Diarchy (or dyarchy), from the Greek δι- "twice" and αρχια, "rule", is a form of government in which two individuals, the diarchs, are the heads of state. In most diarchies, the diarchs hold their position for life and pass the responsibilities and power of the position to their children or family when they die.
Diarchy is one of the oldest forms of government. Diarchies are known from ancient Sparta, Rome, Carthage as well as from Germanic and Dacian tribes. Several ancient Polynesian societies exhibited a diarchic political structure as well. Ranks in the Inca Empire were structured in moieties, with two occupants of each rank, but with different prestige, one hanan (upper) and one hurin (lower). In modern usage diarchy means a system of dual rule, whether this be of a government or of an organization. Such 'diarchies' are not hereditary.
Examples of modern forms are the governments of San Marino, Andorra and Northern Ireland. The Montagu-Chelmsford reforms of British India prescribed a "dyarchy" of ministers who were individually responsible to the legislature. The Australian Defence Organisation operates as a diarchy. San Marino is the most ancient of the two present countries that retain two diarchs, the Captains Regent, as heads of state. Andorra is the other country that retains two diarchs, known as Co-Princes.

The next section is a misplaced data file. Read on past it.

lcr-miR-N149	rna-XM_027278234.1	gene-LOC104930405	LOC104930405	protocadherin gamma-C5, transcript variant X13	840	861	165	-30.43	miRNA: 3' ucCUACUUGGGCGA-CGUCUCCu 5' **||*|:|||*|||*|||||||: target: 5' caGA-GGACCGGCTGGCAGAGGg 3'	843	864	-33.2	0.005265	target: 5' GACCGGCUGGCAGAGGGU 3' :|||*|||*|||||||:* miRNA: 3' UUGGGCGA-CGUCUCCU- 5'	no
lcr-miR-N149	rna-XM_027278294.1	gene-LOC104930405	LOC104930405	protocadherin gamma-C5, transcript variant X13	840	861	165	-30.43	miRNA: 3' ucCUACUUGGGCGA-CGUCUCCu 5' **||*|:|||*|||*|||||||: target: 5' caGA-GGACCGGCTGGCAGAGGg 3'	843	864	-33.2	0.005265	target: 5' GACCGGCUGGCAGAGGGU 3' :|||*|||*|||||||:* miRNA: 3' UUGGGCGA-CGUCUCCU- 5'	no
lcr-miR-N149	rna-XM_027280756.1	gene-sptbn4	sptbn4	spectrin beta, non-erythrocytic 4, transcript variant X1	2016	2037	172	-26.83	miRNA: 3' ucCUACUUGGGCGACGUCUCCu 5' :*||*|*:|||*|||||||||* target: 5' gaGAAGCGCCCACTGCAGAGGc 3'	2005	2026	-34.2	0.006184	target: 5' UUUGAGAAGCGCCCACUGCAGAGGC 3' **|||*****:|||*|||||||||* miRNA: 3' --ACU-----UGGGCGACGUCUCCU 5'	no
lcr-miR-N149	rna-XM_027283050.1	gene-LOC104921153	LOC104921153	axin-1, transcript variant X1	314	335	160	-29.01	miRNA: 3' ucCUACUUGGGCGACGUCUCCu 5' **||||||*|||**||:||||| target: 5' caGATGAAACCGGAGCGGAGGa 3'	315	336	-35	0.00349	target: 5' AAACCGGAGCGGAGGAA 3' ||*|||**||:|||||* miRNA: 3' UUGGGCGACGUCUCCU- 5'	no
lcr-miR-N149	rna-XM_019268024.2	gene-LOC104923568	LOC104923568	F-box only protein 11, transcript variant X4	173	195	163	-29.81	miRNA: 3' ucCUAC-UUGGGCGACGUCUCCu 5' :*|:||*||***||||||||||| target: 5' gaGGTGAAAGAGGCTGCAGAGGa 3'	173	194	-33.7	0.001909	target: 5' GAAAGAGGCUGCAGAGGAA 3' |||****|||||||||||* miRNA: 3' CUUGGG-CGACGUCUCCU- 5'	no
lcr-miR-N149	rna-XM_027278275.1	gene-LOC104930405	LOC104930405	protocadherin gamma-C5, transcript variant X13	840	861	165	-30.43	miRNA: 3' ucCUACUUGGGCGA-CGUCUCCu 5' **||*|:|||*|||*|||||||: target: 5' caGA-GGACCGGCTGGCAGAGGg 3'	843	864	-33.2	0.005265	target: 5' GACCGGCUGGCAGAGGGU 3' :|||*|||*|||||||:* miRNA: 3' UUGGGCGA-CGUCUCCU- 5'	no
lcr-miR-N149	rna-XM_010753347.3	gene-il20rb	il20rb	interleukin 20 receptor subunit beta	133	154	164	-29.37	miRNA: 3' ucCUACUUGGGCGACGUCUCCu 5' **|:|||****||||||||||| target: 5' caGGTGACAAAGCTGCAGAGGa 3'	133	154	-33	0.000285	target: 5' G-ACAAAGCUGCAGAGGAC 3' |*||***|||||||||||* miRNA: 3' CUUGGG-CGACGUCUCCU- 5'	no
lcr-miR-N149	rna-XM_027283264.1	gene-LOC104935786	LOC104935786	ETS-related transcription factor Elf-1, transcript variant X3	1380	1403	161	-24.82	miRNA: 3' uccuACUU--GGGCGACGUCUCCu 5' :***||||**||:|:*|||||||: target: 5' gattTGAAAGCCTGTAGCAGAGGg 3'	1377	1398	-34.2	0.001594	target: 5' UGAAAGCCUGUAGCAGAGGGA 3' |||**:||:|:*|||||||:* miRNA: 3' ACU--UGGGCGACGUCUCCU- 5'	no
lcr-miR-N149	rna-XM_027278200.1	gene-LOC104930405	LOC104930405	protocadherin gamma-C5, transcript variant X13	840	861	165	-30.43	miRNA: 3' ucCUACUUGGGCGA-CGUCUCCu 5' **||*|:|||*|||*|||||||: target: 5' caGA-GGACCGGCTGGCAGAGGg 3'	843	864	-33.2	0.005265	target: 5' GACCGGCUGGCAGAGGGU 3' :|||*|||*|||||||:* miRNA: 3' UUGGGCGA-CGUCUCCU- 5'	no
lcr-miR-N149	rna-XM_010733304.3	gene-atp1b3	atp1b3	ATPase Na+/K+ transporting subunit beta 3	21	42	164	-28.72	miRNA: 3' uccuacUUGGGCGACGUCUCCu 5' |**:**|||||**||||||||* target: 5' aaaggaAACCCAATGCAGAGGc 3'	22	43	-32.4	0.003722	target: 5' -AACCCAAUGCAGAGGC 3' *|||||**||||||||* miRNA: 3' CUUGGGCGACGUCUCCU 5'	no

In the Republic of San Marino, the most ancient republic in the World, the Diarchs are called the Captains Regent. Every six months, the Council elects two Captains Regent to be the joint heads of state, and to serve a 6-month term. The foundational theory was to create a balance of power or, at least, reciprocal control. The practice of dual heads of state, as well as the frequent re-election of the same, are derived directly from the customs of the Roman Republic. The Council is equivalent to the Roman Senate; the Captains Regent, to the Consuls of ancient Rome.
The Kingdom of Swaziland is a diarchy in which the king (Ngwenyama) rules in conjunction with his mother the queen mother (Indlovukazi). In practice however, most power is vested in the king, though it is often argued that the giving of authority whole-sale to the royal male in this way is a neo-traditionalistic as opposed to truly traditional custom.
English, Scottish and Irish monarchs
The Lithuanian Grand Dukes typically selected submonarchs from their families or loyal subjects to assist controlling the Grand Duchy. However, the Grand Dukes remained superior.
A slightly different system developed for a brief period after Vytautas became Grand Duke, where nominally Vytautas ruled together with Jogaila, who took the title of aukščiausiasis kunigaikštis (Supreme Duke), but he has not once used the title to take any action, and in general the powers invested in the title were not clearly stated in any documents, besides the Pact of Horodlo, which guaranteed that Jogaila would have to approve the selection of a Lithuanian Grand Duke. The title was not used by any other king of Poland after Jogaila.
Spiritual and temporal kings